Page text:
Posted In: Nevada, Uncategorized

Disproving the “Failing” Label

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by Amy Buffenbarger

Educators and staff at many priority schools have seen their school ranked, labeled and listed on a recurring basis that’s rarely positive. Kit Carson Elementary School is no stranger to that trend.

The school is located in West Las Vegas, Nevada, the state with the highest home foreclosure rate in the country. With an unemployment rate around 14 percent, Las Vegas is among the worst cities to find a job. The Clark County School District, which includes Kit Carson, is the fifth largest in the nation, and among the poorest-performing. The school is on D Street, in an aging neighborhood that has been ranked one of America’s Top 10 most dangerous. Eighty-three percent of the students at Kit Carson qualify for free or reduced lunch.

But these challenges haven’t prevented educators and staff at the school from standing strong in the community and leading their students to higher levels of success.

The school received its federal School Improvement Grant (SIG) in 2009 and adopted the turnaround model with the support of the Clark County Education Association (CCEA). One year after implementing the various requirements and programs associated with SIG, Kit Carson met Adequate Yearly Progress (AYP) and demonstrated improvement in every subject area:

  • 41% more students met or exceeded writing standards
  • 27% more students met or exceeded science standards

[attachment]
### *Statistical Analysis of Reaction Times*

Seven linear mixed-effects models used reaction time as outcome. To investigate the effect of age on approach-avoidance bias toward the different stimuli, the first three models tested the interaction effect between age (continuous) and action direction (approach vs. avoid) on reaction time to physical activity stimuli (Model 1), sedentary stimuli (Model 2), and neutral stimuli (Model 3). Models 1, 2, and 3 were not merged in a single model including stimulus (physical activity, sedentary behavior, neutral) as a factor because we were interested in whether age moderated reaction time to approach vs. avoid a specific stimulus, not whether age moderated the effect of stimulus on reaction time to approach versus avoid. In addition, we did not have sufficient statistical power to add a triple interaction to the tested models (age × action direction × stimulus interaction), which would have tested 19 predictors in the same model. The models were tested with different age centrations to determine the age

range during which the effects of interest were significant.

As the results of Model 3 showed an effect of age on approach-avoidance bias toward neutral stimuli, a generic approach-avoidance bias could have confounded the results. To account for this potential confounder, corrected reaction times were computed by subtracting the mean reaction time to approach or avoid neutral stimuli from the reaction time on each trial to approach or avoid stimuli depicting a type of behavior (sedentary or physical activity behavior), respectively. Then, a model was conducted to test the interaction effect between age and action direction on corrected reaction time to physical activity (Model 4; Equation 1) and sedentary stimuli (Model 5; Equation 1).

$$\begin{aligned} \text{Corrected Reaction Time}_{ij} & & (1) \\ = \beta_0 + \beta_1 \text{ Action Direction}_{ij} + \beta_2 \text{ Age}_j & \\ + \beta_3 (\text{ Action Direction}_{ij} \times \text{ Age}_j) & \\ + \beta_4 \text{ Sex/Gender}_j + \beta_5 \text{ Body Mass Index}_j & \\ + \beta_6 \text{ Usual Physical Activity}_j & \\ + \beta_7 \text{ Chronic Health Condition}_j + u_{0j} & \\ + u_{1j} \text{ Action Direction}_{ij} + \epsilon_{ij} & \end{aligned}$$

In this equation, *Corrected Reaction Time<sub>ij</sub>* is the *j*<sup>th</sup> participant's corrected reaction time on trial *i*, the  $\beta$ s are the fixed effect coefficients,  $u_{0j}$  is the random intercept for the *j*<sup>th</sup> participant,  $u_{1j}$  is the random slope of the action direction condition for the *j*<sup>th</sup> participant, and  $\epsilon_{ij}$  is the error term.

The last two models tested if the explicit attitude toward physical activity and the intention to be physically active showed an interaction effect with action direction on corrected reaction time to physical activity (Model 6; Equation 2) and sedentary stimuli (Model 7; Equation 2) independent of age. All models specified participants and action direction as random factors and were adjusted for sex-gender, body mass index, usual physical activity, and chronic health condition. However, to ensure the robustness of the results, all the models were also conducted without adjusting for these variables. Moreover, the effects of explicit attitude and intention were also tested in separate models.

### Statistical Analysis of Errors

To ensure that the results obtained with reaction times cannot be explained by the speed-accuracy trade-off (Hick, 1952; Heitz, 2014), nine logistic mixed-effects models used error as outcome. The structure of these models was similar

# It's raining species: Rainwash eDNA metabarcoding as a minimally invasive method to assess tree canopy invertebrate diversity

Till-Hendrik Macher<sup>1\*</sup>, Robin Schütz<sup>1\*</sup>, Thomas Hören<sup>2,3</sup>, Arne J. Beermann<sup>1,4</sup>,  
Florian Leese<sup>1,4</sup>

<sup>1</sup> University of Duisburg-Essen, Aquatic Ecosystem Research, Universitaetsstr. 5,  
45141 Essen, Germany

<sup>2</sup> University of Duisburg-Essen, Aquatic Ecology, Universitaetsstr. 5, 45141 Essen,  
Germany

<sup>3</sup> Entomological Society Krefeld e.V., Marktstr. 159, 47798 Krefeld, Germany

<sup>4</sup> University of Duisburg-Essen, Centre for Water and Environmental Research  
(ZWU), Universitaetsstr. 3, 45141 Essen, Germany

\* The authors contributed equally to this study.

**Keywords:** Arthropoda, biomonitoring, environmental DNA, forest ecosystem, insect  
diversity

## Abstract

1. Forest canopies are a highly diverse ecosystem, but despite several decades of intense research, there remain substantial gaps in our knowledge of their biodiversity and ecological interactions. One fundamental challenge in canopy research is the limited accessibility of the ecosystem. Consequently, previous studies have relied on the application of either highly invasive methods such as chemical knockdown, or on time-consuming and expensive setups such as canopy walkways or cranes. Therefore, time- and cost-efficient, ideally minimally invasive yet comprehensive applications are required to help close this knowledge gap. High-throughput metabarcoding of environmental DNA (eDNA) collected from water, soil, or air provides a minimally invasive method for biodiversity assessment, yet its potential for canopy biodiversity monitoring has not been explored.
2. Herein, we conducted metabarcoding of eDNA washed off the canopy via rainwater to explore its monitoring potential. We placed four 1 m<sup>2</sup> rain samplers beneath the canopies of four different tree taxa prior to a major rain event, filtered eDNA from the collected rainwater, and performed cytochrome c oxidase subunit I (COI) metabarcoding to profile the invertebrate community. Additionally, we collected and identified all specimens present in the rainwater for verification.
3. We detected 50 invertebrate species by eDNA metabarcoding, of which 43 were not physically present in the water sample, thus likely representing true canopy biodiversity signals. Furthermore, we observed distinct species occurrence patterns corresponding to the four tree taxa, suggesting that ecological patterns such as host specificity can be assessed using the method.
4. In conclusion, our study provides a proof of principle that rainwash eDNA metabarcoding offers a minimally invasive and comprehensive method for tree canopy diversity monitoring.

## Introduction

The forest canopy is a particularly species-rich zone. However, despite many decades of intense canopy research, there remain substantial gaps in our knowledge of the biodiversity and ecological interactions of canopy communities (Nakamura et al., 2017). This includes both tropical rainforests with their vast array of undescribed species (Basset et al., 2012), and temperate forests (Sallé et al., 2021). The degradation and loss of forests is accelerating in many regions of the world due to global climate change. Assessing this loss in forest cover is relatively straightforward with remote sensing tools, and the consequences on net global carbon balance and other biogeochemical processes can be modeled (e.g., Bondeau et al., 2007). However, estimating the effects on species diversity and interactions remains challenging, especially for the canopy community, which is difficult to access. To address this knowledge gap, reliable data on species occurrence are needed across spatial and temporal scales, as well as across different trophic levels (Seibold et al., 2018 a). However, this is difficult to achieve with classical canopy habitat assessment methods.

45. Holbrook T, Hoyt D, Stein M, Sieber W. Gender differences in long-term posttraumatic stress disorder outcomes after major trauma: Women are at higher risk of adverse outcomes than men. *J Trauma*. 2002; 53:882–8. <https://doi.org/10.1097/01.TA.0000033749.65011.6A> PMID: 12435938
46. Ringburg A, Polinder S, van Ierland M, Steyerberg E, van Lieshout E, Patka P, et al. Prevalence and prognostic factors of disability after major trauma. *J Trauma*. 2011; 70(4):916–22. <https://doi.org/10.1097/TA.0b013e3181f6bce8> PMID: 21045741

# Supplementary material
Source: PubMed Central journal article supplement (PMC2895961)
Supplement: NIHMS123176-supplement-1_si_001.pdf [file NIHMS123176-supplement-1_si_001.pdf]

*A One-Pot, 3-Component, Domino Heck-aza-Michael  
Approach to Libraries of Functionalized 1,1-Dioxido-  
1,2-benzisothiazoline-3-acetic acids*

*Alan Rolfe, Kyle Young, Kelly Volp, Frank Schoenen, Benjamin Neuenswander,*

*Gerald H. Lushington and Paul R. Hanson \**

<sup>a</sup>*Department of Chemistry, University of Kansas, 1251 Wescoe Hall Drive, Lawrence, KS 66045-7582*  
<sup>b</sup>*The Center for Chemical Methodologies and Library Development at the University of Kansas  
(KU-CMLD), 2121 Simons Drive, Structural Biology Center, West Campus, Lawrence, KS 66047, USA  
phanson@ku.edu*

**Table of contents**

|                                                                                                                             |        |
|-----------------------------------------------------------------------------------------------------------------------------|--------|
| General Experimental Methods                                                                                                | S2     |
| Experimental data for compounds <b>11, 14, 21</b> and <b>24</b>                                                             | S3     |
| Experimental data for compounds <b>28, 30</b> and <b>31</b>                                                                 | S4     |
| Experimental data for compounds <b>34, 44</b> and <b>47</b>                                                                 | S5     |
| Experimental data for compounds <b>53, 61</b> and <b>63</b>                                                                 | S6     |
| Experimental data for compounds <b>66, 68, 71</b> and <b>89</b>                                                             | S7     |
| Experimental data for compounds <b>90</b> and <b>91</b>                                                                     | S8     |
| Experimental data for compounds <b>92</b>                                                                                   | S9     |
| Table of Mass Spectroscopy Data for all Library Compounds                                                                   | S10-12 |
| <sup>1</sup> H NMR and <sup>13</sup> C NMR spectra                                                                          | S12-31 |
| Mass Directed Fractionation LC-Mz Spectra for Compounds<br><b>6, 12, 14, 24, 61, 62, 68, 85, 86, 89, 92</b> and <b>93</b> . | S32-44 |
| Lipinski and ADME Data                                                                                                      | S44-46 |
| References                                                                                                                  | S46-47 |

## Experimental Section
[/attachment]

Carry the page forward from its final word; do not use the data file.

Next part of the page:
• 19% more students met or exceeded math standards
  • 14% more students met or exceeded reading standards

“The stereotypes are there,” said Kit Carson principal Cynthia Marlowe. “But once people come on campus, they get a feel for the students, the parents, and the teachers, then they have a different story.”

Click here to get the full story at NEA’s Priority Schools Campaign site.

Reader Comments

  1. Nina Smith

    How excellent! Paying attention to the positive is a good choice, because the basic psychological principle is that anything we pay attention to will increase.

    In addition to changing the focus in HOW we look at education, we must also change to focus WHAT we look in education. You know how we don’t see things as they are, but how we are? And sometimes we have hard time understanding, because the new information doesn’t seem to fit in?

    For too long time we have been paying attention to teaching, wishing it magically make a change in learning. However, teaching and learning are two separate processes that occasionally happen in the same physical space (i.e. classroom). It is a real paradigm change in the education what we need: focusing on facilitating students’ learning instead of focusing on teaching (and no, it is not just semantics). This is one of the things that has made education so excellent in Finland.

    Reply

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